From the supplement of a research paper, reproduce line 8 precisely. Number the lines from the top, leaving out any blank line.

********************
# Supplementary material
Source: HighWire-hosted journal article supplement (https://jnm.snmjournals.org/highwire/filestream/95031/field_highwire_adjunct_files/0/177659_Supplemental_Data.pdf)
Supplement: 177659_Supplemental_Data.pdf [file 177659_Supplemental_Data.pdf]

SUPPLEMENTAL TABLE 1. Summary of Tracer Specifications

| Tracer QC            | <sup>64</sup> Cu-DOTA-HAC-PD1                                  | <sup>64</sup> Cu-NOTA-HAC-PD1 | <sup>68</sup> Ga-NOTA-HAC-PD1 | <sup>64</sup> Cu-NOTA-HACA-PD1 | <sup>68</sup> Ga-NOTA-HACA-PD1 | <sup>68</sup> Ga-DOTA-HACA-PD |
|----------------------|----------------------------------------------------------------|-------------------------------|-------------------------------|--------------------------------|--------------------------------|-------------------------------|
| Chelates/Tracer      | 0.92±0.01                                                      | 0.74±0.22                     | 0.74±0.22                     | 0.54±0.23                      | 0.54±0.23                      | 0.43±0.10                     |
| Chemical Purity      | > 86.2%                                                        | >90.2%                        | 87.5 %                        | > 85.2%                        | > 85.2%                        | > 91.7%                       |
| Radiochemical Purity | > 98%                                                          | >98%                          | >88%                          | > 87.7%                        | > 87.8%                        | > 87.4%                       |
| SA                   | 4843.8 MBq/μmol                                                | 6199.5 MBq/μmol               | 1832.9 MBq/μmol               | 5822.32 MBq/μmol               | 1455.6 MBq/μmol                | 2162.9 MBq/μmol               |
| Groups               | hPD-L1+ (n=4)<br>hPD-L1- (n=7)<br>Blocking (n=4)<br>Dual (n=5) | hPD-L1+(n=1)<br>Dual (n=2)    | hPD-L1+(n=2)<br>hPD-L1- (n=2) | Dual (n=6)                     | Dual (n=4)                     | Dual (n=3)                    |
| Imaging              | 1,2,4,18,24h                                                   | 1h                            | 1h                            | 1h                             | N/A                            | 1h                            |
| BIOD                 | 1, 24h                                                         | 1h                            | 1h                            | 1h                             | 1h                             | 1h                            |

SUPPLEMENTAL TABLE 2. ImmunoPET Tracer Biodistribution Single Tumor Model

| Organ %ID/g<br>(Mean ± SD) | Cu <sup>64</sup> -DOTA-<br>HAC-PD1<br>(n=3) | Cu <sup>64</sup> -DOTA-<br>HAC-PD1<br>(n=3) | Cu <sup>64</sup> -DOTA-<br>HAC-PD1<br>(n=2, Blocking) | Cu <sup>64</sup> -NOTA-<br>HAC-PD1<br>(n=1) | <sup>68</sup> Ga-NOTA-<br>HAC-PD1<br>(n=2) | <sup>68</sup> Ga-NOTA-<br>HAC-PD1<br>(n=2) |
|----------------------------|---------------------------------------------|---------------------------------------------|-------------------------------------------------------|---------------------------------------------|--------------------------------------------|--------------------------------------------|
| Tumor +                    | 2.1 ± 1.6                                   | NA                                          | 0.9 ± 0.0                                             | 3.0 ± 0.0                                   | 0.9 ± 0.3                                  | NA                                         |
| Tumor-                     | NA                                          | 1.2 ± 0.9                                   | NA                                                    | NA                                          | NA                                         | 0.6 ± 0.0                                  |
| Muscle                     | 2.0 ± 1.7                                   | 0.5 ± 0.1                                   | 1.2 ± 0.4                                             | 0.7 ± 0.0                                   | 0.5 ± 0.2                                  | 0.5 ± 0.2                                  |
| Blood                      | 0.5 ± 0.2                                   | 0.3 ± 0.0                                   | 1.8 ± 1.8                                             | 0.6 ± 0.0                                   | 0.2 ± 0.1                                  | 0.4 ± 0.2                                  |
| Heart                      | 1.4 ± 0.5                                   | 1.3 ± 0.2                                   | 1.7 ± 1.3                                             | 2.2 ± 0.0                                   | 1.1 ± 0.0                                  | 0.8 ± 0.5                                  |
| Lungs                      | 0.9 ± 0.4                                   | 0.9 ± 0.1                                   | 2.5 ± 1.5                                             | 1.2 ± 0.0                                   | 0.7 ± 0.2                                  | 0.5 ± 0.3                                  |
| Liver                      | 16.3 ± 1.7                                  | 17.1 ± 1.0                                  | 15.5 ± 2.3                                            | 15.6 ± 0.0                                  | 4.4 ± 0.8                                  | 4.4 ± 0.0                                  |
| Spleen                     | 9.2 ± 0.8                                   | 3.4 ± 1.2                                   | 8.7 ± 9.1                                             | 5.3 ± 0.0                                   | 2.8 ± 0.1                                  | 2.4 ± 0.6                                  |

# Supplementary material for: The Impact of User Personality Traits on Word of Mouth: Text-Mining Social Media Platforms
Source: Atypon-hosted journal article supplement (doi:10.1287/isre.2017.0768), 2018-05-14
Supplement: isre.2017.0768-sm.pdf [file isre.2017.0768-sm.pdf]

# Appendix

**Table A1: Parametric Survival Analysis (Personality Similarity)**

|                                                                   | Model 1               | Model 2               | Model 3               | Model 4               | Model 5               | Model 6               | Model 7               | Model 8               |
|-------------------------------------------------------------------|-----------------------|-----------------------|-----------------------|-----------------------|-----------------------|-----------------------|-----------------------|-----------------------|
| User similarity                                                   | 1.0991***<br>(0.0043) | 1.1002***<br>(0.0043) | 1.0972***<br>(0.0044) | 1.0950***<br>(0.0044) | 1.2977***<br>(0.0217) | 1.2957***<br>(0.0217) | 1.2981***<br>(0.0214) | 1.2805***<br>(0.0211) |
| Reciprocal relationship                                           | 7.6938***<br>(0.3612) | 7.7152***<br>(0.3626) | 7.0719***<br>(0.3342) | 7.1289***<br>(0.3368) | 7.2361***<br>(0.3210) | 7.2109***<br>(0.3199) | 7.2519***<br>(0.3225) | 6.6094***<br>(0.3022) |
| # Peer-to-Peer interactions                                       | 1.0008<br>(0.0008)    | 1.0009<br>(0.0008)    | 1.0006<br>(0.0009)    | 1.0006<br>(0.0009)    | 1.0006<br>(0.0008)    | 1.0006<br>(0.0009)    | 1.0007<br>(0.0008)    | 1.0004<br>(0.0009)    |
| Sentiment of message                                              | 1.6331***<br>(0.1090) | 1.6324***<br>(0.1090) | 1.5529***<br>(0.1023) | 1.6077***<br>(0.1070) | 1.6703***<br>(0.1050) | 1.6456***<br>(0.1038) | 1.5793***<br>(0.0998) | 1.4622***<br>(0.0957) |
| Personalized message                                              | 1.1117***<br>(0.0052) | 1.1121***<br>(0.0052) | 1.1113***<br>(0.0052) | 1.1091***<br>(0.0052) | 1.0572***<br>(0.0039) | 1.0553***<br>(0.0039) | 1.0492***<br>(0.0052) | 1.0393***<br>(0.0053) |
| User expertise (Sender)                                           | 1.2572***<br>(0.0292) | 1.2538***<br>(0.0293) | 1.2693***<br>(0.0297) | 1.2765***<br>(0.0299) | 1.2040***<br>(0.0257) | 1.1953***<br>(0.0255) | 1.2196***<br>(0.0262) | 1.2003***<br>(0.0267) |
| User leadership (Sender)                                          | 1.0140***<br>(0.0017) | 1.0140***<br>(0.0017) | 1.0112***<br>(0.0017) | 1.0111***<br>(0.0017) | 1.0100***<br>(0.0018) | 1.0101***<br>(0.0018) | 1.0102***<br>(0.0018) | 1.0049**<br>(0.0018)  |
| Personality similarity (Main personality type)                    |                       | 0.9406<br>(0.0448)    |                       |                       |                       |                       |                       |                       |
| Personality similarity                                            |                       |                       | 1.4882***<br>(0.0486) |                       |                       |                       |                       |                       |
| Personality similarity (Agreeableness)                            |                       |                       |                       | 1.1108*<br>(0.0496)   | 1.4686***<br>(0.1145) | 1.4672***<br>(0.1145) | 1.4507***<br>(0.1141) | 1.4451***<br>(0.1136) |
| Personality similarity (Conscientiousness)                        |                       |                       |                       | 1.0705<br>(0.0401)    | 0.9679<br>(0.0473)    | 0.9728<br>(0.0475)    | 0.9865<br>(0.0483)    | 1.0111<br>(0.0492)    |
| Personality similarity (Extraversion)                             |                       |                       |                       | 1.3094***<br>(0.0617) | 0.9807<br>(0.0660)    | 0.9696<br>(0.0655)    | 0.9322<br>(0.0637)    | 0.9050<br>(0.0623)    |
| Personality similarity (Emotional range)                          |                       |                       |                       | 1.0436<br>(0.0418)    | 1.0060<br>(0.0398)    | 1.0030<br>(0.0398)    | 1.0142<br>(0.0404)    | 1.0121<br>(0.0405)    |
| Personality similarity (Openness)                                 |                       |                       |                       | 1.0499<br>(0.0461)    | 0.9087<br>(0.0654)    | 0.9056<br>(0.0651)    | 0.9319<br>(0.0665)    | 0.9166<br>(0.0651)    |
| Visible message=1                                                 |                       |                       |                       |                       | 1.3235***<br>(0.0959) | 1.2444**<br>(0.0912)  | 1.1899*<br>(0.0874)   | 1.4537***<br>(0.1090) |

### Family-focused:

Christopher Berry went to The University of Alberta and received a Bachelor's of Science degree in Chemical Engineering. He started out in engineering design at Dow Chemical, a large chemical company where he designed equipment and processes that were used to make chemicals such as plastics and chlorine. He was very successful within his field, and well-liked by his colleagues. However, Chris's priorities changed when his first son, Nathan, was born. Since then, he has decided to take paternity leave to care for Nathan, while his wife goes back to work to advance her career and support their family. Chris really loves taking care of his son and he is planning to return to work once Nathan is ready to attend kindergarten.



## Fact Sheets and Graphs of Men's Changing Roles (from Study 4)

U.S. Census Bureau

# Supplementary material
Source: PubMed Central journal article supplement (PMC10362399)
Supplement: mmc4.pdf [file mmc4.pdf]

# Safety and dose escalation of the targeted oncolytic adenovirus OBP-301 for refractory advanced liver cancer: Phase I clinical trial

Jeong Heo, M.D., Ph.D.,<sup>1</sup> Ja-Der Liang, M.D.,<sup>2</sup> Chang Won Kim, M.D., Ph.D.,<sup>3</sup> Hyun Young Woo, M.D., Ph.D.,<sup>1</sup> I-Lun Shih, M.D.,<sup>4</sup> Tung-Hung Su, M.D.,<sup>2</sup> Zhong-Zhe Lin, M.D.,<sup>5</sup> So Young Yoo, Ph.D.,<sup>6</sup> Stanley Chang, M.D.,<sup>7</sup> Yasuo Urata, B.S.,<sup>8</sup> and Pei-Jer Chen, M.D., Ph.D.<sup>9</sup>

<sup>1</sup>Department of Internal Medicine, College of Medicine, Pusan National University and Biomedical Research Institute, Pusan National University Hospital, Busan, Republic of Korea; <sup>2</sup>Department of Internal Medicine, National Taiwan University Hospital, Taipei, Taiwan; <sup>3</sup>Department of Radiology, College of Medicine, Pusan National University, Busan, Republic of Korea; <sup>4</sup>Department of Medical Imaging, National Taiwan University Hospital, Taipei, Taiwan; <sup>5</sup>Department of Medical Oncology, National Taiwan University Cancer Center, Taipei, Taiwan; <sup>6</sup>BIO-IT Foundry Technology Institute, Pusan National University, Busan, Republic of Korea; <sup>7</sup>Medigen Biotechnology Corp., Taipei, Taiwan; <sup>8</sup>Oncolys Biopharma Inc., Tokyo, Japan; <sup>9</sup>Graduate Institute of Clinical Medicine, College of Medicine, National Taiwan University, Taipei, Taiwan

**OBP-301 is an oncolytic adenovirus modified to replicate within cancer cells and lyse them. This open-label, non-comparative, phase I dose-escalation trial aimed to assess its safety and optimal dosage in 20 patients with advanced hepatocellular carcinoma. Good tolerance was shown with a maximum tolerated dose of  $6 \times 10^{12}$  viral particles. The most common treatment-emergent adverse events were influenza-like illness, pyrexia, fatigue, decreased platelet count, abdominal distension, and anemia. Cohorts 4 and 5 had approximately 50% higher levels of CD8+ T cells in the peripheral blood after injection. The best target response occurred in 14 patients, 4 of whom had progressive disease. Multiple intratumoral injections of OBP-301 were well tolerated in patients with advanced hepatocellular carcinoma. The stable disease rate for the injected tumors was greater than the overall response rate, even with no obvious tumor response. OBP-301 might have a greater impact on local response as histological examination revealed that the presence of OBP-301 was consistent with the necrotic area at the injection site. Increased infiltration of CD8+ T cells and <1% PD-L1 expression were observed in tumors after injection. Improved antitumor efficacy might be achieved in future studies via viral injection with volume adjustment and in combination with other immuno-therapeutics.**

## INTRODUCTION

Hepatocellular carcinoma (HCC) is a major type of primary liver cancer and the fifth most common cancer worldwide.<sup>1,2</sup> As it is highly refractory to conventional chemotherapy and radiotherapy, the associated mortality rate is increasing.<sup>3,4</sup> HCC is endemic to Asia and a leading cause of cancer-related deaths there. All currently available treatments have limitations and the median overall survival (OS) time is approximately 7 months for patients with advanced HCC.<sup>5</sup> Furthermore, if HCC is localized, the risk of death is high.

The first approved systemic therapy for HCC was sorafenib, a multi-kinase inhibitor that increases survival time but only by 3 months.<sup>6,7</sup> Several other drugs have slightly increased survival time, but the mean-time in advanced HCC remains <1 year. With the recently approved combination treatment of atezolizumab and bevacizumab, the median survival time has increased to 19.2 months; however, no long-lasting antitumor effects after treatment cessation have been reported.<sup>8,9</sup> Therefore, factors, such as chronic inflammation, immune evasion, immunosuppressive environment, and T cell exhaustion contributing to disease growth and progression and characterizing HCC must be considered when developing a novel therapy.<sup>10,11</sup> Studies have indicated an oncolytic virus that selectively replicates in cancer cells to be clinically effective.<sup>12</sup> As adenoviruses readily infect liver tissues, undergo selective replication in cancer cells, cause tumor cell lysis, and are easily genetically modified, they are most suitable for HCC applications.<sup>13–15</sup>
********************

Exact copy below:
| Chemical Purity      | > 86.2%                                                        | >90.2%                        | 87.5 %                        | > 85.2%                        | > 85.2%                        | > 91.7%                       |